January 16, 2015

Spare Parts

starstar

A movie review by James Berardinelli



Spare Parts

DRAMA:

United States, 2015

U.S. Release Date:

2015-01-16

Running Length:

1:53

MPAA Classification:

PG-13 (Profanity)

Theatrical Aspect Ratio:

2.35:1

Cast:

George Lopez, Marisa Tomei, Jamie Lee Curtis, Esai Morales, Carlos PenaVega, David Del Rio, Jose Julian, J.R. Villarreal, Alexa PenaVega

Director:

Sean McNamara

Screenplay:

Elissa Matsueda, based on an article by Joshua Davis

Cinematography:

Richard Wong

Music:

Andres Levin

U.S. Distributor:

Lionsgate Films

Subtitles:

none


Spare Parts tries too hard to be a based-on-a-true-story, feel-good, crowd-pleasing, triumph-of-the-underdogs movie. Somewhere along the line, perhaps by never deviating a millimeter from the expected trajectory of the genre, it crosses the line from inspirational to cloying. Formulas don't have to be boring but when a movie is so relentlessly predictable that every aspect of the plot can be guessed before the opening credits, what's the point of telling the tale? Okay, so it's bland enough for moms and dads to feel comfortable about taking their kids and it's a rare mainstream film that focuses in a positive way on Latino characters, but Spare Parts has little else going for it.

This is a fusion of a sports movie and Goodbye Mr. Chips. A PhD with an engineering degree, Fredi Cameron (George Lopez), applies as a substitute teacher at an undistinguished New Mexico high school. The principal (Jamie Lee Curtis) hires him despite concerns she has about his seeming inability to hold down a job. As the advisor of the "engineering club," Fredi becomes involved in an effort by two students, Oscar Vazquez (Carlos PenaVega) and Cristian Arcega (David Del Rio), to enter a robot building contest. After traversing the road from skepticism to engagement, Fredi helps the team grow from two to four, adding Lorenzo (Jose Julian) and Hector (J.R. Villarreal), and contributes as much time and money as his "advisor" role allows. Along the way, he makes "friends" with another teacher, Gwen (Marisa Tomei), who invites him over for "coding lessons." Several individual dramas later (one per team member), the high school robot builders head for California for the big contest that will see them going toe-to-toe with MIT. Guess who wins…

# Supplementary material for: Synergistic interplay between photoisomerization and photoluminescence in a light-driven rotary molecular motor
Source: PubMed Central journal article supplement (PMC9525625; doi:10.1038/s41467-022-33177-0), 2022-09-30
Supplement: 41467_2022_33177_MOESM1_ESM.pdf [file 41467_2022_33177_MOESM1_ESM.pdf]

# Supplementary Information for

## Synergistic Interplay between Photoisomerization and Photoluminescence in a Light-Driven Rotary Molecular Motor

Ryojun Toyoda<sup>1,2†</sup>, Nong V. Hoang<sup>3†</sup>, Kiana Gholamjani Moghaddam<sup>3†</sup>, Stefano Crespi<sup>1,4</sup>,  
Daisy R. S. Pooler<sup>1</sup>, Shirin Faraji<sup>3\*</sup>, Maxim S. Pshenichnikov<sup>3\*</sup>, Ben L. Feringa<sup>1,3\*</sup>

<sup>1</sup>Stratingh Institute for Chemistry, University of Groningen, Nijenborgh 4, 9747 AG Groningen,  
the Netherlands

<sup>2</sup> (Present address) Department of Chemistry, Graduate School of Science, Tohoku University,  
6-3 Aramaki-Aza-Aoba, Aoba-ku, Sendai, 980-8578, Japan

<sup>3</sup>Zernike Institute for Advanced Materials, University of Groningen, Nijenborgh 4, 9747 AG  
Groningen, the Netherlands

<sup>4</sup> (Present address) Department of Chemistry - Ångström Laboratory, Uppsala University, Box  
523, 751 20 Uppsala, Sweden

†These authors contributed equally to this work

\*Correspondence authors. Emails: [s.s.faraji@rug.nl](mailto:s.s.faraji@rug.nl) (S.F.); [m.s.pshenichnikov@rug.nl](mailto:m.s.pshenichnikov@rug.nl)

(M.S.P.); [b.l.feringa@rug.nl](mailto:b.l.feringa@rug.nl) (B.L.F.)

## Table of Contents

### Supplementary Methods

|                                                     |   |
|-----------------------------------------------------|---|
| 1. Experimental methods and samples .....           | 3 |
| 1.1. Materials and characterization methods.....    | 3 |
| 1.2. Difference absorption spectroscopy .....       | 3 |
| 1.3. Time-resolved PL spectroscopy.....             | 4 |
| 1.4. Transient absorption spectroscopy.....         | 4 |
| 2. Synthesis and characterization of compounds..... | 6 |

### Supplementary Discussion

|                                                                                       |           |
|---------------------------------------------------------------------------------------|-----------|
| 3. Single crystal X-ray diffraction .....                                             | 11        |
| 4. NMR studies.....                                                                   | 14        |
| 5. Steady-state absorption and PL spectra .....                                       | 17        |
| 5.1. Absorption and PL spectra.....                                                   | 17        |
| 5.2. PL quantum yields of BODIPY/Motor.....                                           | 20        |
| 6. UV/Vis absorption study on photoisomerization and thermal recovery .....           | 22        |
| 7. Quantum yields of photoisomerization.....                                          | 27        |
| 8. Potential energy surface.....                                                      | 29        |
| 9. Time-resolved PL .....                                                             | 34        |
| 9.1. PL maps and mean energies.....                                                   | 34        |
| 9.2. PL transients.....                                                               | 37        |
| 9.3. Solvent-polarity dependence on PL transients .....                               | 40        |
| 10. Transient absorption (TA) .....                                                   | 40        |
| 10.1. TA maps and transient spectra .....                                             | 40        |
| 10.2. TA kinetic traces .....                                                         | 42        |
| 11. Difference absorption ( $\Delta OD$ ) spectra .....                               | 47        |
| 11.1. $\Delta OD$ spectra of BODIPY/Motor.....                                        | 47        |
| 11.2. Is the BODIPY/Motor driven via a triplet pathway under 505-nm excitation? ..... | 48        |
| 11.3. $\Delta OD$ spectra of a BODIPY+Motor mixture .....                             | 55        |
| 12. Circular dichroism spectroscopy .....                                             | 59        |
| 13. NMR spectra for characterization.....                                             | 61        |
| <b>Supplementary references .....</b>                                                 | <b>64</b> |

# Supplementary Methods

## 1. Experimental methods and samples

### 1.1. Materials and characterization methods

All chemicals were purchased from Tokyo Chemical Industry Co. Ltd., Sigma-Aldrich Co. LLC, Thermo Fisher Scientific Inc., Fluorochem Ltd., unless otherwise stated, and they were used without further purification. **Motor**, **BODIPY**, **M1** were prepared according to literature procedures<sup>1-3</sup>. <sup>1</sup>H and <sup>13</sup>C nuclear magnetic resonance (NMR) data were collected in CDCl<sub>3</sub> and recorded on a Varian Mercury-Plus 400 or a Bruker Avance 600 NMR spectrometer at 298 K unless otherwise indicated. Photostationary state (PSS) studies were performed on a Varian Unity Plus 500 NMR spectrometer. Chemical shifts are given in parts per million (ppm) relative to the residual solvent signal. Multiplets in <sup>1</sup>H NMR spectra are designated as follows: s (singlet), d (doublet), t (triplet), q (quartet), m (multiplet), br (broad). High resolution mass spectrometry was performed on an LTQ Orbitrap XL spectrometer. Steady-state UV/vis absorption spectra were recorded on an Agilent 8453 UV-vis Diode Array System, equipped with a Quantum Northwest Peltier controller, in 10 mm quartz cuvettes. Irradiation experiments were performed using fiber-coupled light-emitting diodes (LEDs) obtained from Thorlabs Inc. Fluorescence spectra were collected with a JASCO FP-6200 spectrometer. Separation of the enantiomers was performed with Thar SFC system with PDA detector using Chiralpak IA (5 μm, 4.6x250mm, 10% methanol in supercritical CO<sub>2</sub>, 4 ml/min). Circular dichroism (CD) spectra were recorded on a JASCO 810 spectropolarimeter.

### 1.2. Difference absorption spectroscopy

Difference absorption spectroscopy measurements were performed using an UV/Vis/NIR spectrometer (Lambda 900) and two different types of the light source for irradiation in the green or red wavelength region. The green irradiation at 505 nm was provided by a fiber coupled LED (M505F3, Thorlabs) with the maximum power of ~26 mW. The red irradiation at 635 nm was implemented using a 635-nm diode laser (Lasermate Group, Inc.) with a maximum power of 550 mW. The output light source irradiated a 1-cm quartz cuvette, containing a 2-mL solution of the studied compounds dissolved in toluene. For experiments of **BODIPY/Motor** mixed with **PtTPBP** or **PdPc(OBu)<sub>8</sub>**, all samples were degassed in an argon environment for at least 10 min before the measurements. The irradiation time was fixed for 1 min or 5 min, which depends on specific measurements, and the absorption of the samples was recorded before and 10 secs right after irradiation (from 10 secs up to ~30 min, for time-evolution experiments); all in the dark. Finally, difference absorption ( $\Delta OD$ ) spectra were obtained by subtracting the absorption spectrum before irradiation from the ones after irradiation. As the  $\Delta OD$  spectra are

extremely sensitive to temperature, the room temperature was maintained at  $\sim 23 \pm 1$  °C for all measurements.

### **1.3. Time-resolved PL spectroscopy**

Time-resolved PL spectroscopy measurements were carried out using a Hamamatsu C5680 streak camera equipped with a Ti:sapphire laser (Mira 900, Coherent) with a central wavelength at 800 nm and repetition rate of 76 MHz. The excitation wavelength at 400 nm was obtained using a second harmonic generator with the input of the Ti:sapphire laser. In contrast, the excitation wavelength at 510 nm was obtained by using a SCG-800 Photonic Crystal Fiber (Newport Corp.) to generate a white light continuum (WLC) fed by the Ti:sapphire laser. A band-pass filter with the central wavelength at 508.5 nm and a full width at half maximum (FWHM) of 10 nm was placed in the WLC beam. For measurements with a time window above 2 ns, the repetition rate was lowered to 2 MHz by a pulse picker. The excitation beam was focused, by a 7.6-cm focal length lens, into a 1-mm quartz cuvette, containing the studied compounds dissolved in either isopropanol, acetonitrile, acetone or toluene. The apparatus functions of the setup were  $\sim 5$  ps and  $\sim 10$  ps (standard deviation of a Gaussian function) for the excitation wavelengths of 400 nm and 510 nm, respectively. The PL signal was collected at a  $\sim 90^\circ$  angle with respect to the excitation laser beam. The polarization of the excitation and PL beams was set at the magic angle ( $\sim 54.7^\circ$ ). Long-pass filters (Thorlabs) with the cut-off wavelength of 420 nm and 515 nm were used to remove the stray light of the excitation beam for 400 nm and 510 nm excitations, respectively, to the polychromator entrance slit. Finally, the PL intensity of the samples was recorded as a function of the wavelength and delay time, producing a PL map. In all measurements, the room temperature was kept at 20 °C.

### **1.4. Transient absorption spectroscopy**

It's easy to be cynical about a movie like this which, despite its factual basis, is more product than story. The pandering is obvious - the movie has been made with the theory that the large, underserved Latino population will flock to see it because it stars a mostly Latino cast. It's not especially well made - there are some embarrassing medium shots that show George Lopez smirking at inopportune moments (difficult to say whether the blame should go to the director, the cinematographer, the editor, or all three). Director Sean McNamara, who proudly takes an auteur credit, doesn't have a resume to inspire confidence. Some of his recent productions include a couple of direct-to-video Baby Genuiuses sequels and the forgettable Soul Surfer. He shows little ability to generate tension when it comes to presenting the competition (but maybe he doesn't care about such things).

George Lopez, best known as a comedian, encounters difficulties balancing sincerity with humor. His limitations as an actor are evident in a dramatic scene he plays opposite veteran Esai Morales (playing the pugnacious father of one of the boys). Lopez is more at home in lighter moments - flirting with Marisa Tomei, trading barbs with Jamie Lee Curtis, or going for an unexpected swim. To be fair, he is effective in a scene where he reveals the past tragedy that has turned him into a vagabond.

Although the movie doesn't strongly advance a political agenda, it's impossible to ignore that all four of the boys are undocumented. This only impacts Oscar's story - he is pursued without much vigor by government agents - but what's interesting is the matter-of-fact way in which his situation (and that of his teammates) is treated by the screenplay. It's viewed as commonplace; for those looking for a "ground zero" perspective of the "immigration issue" in border states, Spare Parts is a good place to start.

Some will probably dislike Spare Parts for political reasons. Although it seeks to be a family film, its pro-immigration subtext will rub some viewers the wrong way. To me, the film isn't good or bad enough to generate much in the way of ire. It takes no chances, following the safest possible route in an attempt to become a modest box office success. Movies like this define mediocrity. They aren't painful but they are better suited to television than theaters. Spare Parts is a good example of what people mean when they refer to a "January movie" - something forgettable that's more likely to get lost in the blizzard of other such offerings than to develop a passionate following.

Discuss this topic in the ReelViews Forums.


WATCH A TRAILER/CLIP:




Movie Review Query Engine Top Critic Featured Critic - Movie Review Intelligence

Quick Archives...



Member of the The Online Film Critics Society